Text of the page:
Prehistoric monuments in Ireland
This evening. I am dipping into one of my key interests, namely the prehistory evidence in the British Isles as manifested in the numerous stone circles, burial cairns and rock carvings which survive from that era.
Today, the landscapes of Britain and Ireland are littered with evidence of our prehistoric ancestors dating back to the Neolithic and Bronze Ages ( 4500BC-1000BC).
In course of visits to Ireland I was fortunate to visit Newgrange which is probably the premier prehistoric site in the country.
Newgrange lies close to the town of Drogheda, north of Dublin, and forms part of a concentration of prehistory at the western end of the valley of the River Boyne which includes the passage tomb complex of Knowth and three great tombs at Dowth. Newgrange dates back to around 3000BC. It is a passage tomb surrounded by a kerb of 97 stones. The mound covers a single tomb consisting of a log passage and a cross shaped chamber. Above the entrance is the 'roof box' through which the mid-winter sun penetrates into the chamber, an event which attracts a lot of interest, similar to mid summer and mid winter at Stonehenge.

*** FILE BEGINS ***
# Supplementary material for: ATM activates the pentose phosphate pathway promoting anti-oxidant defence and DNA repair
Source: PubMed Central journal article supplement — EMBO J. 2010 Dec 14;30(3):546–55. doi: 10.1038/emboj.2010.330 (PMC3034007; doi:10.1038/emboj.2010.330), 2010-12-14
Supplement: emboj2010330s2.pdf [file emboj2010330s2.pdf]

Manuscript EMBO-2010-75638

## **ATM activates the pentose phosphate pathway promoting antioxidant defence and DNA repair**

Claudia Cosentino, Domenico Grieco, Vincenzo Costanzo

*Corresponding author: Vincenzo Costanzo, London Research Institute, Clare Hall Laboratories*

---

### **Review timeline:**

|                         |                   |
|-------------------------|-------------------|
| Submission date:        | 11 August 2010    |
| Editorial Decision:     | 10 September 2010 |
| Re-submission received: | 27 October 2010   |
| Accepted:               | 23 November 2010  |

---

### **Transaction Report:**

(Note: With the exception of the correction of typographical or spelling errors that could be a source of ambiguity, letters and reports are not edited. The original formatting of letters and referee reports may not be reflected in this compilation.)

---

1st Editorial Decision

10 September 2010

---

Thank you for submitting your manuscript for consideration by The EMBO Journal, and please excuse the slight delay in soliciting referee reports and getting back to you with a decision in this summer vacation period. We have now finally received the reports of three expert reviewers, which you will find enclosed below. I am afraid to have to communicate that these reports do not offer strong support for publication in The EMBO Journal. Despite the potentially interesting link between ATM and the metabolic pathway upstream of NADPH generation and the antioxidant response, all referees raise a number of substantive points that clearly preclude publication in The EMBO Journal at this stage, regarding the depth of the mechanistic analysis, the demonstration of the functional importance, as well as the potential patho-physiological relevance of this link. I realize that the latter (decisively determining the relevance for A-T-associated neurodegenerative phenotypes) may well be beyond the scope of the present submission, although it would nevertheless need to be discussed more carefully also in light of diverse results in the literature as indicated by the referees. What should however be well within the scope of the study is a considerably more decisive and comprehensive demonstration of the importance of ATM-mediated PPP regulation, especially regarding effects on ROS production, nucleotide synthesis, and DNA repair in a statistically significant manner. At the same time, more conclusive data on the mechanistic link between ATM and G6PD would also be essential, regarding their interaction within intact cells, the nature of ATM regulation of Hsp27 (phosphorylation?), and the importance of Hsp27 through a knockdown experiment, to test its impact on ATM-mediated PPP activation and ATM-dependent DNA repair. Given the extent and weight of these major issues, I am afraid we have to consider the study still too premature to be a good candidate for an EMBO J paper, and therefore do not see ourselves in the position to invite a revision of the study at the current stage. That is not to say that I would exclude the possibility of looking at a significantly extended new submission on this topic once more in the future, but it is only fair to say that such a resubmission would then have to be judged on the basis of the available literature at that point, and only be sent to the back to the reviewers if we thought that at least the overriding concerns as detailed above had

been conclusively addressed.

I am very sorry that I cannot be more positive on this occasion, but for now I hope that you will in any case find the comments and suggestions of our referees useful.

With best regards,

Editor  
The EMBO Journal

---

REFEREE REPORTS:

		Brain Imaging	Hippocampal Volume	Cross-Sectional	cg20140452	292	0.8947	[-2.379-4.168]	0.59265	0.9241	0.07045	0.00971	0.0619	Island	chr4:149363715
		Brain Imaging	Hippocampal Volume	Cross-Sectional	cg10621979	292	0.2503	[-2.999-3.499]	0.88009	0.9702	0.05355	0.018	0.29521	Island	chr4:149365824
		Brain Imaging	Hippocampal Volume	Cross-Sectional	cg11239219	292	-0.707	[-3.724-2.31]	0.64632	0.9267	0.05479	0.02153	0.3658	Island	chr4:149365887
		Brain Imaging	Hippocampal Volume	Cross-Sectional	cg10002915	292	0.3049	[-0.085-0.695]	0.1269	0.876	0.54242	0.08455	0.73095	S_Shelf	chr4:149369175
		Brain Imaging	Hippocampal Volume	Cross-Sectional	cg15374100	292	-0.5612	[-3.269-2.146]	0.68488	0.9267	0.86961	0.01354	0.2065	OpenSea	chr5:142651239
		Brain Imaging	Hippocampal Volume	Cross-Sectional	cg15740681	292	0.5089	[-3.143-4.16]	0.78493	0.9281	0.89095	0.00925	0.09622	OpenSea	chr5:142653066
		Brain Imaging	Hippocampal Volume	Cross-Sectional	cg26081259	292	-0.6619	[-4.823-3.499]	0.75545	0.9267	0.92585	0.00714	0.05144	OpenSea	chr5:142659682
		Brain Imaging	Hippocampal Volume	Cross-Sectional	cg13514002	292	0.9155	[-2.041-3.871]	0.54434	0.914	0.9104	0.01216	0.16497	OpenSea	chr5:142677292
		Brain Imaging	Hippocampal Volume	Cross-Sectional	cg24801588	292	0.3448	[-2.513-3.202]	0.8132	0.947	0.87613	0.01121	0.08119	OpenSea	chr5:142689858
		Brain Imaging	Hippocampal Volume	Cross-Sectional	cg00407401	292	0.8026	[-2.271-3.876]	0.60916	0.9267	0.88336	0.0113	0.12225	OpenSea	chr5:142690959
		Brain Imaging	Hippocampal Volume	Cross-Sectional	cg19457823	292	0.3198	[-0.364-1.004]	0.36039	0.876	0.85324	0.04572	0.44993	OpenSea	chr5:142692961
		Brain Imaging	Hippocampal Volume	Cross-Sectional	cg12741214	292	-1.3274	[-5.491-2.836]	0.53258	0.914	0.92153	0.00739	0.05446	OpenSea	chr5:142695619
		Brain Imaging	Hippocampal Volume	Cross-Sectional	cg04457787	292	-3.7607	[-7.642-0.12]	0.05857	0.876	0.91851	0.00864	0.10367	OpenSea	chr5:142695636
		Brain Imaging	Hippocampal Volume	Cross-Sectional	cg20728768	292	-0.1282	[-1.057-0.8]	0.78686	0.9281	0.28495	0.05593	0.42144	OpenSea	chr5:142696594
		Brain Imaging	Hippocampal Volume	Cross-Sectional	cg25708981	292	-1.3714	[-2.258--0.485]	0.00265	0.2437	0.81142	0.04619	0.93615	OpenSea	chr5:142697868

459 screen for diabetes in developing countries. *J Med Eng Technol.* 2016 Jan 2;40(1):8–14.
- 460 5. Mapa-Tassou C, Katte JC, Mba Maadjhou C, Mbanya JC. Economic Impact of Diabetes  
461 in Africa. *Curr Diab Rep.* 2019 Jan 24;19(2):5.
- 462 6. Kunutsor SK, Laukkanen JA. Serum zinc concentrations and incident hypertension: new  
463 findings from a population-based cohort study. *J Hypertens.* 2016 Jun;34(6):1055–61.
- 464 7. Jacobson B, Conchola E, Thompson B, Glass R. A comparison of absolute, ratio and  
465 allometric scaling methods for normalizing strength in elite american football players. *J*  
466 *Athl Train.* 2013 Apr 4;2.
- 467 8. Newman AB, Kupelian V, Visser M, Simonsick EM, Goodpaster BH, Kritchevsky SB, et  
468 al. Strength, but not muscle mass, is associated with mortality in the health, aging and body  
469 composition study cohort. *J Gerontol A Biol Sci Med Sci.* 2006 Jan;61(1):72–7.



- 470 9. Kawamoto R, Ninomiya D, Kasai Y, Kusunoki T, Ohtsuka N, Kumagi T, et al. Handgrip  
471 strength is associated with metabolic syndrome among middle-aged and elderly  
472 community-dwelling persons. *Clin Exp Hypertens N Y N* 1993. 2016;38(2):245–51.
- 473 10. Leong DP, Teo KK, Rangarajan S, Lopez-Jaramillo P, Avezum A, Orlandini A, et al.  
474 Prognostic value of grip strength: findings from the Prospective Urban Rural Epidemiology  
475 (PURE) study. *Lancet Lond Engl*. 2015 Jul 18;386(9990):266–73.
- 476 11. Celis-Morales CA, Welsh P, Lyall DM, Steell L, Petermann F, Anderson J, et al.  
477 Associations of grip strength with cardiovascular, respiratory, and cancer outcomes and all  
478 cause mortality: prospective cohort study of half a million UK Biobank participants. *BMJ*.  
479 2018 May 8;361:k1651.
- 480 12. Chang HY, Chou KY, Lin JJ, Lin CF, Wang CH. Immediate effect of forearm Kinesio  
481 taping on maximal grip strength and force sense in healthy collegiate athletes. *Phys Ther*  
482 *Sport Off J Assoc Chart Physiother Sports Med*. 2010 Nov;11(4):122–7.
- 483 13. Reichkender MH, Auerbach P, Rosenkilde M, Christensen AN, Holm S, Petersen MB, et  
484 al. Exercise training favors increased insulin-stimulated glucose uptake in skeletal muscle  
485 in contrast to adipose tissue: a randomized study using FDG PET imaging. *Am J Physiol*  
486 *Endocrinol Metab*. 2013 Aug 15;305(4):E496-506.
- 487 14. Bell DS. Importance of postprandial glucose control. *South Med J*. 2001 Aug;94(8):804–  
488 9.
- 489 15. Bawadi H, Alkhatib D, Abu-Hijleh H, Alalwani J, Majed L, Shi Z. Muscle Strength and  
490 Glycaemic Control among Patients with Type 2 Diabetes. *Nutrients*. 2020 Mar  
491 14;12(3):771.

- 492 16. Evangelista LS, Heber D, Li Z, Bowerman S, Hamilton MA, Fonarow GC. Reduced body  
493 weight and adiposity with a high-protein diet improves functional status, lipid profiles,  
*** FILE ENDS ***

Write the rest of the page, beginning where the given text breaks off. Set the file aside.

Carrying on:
I was particularly interested in the carvings or 'rock art' which are similar to their counterparts in Scotland in consisting of concentric circles patiently chipped out of the hard rock. We can only speculate on the purpose of these carvings.
Newgrange was excavated between 1962-1975 and thereafter partly reconstructed with a white quartz facade. This was inspired by the remains of quantities of quartz found on the site. It is quite common to find quartz on the sites of stone circles in Britain suggesting that the mineral had a special significance to the ancient people.
Access to Newgrange is by guided tour only.
Rock Art at Newgrange
Rock art at Newgrange
Landscape view of the Newgrange monument
The monument below is Eightercua Megalithic Tomb, a burial cairn close to the popular 'Ring of Kerry' tourist route.